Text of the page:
Alejandro Sanz: "I Always Wake Up Thinking, One More Day to Conquer"
Among the most commercially successful and artistically respected Latin pop artists in the world, singer, songwriter, and composer Alejandro Sanz has sold more than 22 million albums over the last two decades while also becoming the most Grammy-winning Spanish-language artist in history, with three Grammys and 16 Latin Grammys in his trophy case.
So predictably, when his latest album, La Música No Se Toca, was released in September, it immediately rocketed to the top of Latin radio charts in the United States, Puerto Rico, Mexico, Spain, Argentina, Colombia, Chile, and Ecuador, among others.
Now Alejandro's taking La Música No Se Toca around the globe, from Peru to Argentina, Chile, Brazil, Ecuador, Colombia, Panamá, and Costa Rica. So far, he has sold out dozens of shows, performing for huge crowds at huge venues, including the legendary Foro Sol in México City for 50,000 fans. And next week, he will arrive at our very own American Airlines Arena.
In the midst of all this frenzied traveling, though, Sanz took time to speak with Crossfade about his new album, his tour, and playing for his second home, Miami.
Crossfade: Your album, La Música No Se Toca, have been a huge success so far. After all these years, are you still surprised by people's response to your music?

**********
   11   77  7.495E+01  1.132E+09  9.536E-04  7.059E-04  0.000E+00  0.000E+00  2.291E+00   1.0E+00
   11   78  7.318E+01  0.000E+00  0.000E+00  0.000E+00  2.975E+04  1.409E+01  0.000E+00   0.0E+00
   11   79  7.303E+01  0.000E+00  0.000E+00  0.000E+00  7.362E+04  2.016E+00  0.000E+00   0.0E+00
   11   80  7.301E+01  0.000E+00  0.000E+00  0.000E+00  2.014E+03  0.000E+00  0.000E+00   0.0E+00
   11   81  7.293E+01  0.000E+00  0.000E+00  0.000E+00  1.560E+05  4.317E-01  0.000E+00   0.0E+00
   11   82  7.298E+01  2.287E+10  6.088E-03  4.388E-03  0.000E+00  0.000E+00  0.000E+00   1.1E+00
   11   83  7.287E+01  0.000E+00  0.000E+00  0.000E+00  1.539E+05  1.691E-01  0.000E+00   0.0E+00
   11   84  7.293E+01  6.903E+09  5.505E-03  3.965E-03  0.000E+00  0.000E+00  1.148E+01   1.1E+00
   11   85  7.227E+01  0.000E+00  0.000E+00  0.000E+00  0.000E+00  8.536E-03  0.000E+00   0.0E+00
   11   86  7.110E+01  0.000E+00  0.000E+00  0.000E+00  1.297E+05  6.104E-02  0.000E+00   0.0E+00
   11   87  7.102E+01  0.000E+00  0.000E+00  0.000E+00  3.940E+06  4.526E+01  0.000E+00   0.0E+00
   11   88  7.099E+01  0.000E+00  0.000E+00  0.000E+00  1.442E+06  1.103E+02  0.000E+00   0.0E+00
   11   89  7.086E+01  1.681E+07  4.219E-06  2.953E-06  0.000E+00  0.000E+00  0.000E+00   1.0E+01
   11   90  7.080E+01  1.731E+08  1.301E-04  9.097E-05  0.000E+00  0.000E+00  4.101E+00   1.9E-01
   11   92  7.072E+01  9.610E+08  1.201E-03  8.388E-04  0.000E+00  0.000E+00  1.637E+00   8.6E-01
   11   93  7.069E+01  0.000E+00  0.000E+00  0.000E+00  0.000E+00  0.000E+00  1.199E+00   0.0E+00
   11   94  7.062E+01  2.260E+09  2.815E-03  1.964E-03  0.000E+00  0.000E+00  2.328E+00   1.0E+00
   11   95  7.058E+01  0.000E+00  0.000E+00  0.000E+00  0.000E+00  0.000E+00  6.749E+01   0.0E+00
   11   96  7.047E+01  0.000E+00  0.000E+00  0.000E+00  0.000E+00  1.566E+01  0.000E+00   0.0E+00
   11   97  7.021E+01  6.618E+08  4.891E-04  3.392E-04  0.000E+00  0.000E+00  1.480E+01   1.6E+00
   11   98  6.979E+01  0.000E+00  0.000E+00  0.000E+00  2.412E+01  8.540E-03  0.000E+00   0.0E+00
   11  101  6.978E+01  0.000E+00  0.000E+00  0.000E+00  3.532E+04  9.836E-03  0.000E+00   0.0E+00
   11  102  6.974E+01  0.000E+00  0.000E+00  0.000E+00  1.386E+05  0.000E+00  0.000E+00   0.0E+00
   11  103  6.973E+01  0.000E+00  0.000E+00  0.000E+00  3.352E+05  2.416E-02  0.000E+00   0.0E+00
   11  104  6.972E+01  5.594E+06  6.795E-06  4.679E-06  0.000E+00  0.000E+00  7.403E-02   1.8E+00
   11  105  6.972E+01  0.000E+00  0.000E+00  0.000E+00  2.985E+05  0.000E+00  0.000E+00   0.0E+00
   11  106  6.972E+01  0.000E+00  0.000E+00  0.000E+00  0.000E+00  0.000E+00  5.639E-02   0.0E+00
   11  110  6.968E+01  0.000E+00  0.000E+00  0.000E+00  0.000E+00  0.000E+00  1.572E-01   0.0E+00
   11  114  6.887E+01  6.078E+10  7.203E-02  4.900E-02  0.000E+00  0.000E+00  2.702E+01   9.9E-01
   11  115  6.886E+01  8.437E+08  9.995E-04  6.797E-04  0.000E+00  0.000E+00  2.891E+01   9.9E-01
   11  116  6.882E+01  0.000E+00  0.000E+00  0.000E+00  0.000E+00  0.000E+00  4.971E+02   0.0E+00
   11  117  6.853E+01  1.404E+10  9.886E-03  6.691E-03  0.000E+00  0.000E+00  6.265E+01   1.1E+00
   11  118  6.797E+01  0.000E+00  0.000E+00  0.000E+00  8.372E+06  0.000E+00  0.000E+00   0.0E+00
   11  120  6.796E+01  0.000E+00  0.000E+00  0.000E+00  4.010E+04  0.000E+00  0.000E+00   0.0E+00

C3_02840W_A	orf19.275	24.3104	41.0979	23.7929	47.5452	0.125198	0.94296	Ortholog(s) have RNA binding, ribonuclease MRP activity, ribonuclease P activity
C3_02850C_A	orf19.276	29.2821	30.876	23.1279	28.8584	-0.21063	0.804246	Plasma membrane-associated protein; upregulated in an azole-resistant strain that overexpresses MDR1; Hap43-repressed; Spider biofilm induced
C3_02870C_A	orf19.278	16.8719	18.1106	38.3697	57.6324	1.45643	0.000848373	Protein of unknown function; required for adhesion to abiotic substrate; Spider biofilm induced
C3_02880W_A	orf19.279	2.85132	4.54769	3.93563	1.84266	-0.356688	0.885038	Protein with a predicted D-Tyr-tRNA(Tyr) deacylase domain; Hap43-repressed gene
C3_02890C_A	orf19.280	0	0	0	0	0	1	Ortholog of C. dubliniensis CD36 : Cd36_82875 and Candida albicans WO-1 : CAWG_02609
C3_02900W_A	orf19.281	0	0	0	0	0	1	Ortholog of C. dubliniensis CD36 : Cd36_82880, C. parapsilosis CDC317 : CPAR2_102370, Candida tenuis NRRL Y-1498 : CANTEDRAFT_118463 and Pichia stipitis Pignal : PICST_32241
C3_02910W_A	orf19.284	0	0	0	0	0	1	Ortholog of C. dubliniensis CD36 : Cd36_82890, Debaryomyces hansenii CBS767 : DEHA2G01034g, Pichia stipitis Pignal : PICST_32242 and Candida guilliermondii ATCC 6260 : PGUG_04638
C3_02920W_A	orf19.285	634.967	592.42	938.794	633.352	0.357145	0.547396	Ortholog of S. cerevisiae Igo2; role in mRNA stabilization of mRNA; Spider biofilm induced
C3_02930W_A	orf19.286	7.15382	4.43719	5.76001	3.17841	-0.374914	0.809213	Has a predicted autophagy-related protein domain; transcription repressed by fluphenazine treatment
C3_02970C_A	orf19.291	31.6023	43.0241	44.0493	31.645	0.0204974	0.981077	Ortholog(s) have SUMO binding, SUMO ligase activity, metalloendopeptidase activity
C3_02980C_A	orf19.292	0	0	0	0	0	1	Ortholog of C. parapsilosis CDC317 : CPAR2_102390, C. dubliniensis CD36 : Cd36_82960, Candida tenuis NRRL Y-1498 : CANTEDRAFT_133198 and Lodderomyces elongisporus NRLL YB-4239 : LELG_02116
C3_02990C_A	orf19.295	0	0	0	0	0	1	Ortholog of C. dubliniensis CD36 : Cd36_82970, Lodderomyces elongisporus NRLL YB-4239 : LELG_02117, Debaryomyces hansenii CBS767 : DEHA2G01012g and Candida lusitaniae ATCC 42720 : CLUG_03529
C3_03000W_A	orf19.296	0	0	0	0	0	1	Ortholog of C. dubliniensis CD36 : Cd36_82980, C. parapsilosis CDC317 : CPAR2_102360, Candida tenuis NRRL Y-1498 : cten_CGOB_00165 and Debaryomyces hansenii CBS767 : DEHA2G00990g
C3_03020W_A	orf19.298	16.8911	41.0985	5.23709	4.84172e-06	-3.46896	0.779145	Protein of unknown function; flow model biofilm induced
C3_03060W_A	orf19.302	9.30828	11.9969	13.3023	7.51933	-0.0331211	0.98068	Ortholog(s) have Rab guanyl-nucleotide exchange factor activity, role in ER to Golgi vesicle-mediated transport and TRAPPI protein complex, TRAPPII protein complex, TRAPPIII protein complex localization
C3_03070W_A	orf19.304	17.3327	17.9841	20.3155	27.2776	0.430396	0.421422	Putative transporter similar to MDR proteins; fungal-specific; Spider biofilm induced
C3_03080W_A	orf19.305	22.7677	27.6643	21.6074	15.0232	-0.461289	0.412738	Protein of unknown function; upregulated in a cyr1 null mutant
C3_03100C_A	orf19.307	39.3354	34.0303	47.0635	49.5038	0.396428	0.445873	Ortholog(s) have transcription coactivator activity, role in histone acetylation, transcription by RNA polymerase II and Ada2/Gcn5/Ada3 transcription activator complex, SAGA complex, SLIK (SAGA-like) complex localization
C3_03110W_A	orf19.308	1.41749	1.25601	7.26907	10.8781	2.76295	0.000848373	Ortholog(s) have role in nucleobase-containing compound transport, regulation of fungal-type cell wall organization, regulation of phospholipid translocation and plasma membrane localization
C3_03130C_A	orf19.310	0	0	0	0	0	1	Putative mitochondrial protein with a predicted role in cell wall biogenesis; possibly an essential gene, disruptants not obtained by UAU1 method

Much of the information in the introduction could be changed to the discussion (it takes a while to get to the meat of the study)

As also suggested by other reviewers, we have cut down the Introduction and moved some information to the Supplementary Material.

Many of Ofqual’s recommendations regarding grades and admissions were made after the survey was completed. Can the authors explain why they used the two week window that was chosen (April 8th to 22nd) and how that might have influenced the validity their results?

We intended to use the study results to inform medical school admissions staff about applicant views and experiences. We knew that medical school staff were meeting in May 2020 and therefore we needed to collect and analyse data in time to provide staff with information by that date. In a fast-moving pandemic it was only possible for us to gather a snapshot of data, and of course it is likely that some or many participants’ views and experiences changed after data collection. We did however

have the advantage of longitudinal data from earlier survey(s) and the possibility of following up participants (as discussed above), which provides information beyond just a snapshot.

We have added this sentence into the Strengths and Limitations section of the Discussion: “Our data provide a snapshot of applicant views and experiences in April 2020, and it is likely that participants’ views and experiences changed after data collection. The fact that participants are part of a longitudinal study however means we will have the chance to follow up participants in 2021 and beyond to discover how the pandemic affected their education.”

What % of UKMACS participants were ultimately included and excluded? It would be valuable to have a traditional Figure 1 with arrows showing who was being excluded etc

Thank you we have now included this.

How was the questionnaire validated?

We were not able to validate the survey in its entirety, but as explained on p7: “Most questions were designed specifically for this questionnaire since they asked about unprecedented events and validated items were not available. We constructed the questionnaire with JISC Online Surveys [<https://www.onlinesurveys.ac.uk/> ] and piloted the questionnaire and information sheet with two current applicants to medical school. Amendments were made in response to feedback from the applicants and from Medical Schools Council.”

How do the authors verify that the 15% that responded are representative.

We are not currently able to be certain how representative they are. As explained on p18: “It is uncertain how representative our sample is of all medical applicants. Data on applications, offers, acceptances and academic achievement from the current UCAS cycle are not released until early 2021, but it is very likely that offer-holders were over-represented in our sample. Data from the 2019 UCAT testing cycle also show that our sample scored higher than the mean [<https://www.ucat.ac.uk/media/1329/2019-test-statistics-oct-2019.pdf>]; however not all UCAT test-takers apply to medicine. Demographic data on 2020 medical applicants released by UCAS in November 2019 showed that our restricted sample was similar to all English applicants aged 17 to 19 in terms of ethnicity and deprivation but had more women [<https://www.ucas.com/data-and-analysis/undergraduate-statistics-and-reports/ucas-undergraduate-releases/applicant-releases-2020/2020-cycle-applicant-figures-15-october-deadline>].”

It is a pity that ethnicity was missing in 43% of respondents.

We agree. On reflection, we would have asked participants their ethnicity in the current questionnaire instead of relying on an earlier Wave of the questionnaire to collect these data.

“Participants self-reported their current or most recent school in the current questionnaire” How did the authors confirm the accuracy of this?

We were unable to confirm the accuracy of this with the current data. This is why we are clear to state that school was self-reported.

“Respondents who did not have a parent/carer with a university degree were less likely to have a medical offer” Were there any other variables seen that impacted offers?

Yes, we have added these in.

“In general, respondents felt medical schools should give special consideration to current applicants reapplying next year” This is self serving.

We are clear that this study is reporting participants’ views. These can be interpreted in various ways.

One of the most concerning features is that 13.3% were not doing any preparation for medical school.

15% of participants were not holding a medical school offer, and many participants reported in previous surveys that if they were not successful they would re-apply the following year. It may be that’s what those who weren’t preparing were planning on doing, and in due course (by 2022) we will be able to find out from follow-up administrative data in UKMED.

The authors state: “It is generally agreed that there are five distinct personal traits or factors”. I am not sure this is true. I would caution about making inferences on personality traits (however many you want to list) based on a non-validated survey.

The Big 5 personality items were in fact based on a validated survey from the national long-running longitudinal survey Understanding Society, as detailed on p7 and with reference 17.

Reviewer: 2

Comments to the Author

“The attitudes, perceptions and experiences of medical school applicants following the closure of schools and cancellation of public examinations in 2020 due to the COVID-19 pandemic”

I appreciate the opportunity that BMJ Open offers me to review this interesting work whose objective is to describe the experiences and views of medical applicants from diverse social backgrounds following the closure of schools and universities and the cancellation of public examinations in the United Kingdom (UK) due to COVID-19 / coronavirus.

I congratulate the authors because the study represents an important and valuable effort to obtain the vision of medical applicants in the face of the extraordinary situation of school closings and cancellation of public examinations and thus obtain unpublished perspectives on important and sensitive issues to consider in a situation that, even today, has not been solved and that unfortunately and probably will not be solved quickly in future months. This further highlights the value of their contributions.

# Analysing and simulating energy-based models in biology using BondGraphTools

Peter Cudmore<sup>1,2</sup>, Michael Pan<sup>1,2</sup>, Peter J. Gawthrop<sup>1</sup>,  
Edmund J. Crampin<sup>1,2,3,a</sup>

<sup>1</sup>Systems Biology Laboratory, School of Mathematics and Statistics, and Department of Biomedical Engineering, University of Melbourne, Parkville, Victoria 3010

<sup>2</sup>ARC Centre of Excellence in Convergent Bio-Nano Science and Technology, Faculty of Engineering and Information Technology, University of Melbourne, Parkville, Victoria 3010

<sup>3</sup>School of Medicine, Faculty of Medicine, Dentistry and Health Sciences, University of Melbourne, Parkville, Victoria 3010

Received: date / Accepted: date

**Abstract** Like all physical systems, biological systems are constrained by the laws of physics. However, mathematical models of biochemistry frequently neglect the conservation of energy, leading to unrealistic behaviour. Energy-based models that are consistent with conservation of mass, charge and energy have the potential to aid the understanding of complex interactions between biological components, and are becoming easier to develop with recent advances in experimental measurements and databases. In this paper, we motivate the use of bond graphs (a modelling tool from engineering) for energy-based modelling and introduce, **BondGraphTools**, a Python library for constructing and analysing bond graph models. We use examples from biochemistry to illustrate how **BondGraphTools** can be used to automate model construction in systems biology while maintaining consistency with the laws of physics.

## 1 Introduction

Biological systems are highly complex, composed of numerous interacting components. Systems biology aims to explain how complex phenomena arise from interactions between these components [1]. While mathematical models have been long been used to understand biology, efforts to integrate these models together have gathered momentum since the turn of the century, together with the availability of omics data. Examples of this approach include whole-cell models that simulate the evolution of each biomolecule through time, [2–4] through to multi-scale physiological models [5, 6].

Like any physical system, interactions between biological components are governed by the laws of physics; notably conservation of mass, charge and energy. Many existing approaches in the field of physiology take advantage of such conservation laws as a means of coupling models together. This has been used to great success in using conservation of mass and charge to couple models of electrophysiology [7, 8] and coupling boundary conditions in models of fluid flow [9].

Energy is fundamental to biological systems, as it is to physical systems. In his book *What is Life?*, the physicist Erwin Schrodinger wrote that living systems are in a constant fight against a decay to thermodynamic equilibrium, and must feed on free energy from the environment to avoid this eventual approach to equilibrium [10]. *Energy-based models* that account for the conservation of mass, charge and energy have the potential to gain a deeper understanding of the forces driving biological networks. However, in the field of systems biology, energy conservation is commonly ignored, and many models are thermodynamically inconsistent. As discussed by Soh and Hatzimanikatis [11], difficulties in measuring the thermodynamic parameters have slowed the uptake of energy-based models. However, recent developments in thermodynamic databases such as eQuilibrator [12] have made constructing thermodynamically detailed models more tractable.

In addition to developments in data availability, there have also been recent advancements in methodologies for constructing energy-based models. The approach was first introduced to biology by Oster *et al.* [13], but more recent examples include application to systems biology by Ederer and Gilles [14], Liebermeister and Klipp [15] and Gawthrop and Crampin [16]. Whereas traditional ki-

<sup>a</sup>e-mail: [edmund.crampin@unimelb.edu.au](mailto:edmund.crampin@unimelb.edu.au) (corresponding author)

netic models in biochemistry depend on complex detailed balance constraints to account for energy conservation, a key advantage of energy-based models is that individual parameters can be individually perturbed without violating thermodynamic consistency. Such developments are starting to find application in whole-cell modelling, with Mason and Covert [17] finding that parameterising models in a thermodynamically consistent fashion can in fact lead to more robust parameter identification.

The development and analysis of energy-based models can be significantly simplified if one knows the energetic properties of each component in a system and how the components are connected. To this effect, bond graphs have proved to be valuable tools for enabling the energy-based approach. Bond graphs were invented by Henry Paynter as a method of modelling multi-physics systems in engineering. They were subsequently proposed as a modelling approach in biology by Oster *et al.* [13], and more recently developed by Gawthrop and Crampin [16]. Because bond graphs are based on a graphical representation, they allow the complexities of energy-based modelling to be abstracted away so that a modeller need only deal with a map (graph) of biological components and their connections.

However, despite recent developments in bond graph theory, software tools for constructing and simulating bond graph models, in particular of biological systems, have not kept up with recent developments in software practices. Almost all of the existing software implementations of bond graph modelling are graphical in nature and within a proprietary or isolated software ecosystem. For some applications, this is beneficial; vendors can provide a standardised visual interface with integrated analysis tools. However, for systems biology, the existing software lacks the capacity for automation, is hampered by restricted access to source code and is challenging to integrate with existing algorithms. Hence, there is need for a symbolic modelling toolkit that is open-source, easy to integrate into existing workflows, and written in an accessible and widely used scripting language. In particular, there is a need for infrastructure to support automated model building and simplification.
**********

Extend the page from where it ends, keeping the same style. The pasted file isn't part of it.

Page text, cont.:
Alejandro Sanz: I think one always has to be amazed and thankful. Many times, we take things for granted. But actually, it's been many years of hard and intense work in different countries. Now it almost seems like a gift to me, but the truth is there's a lot of hard work behind it, and I'm still surprised and thankful every time I see the reaction of people at my concerts, signing all the songs I composed. It's been worth it.
This latest tour will visiting U.S. cities like Los Angeles, New York, Washington D.C., and Miami. Has it been difficult to break into the American market?
Yes. Very difficult. I got here around 15 or 20 years ago. My first trip was to Los Angeles and then to Miami. At that time, my record company was Warner Bros. and the person in charge of my PR had my records in the trunk of the car and that's how we would go to all the radio stations, newspapers, and TV stations promoting my music. It wasn't easy. The Hispanic community in this country is growing so much, but it has still been hard to go to the media, since most of it's in English. But it's been worth it too. It's a fantastic country.
Now Miami is your second home. How does it feel to play for this city again?
It's always exciting, but I still have that feeling of not knowing what's going to happen. But the show this year is great. I'm sure people will really enjoy it.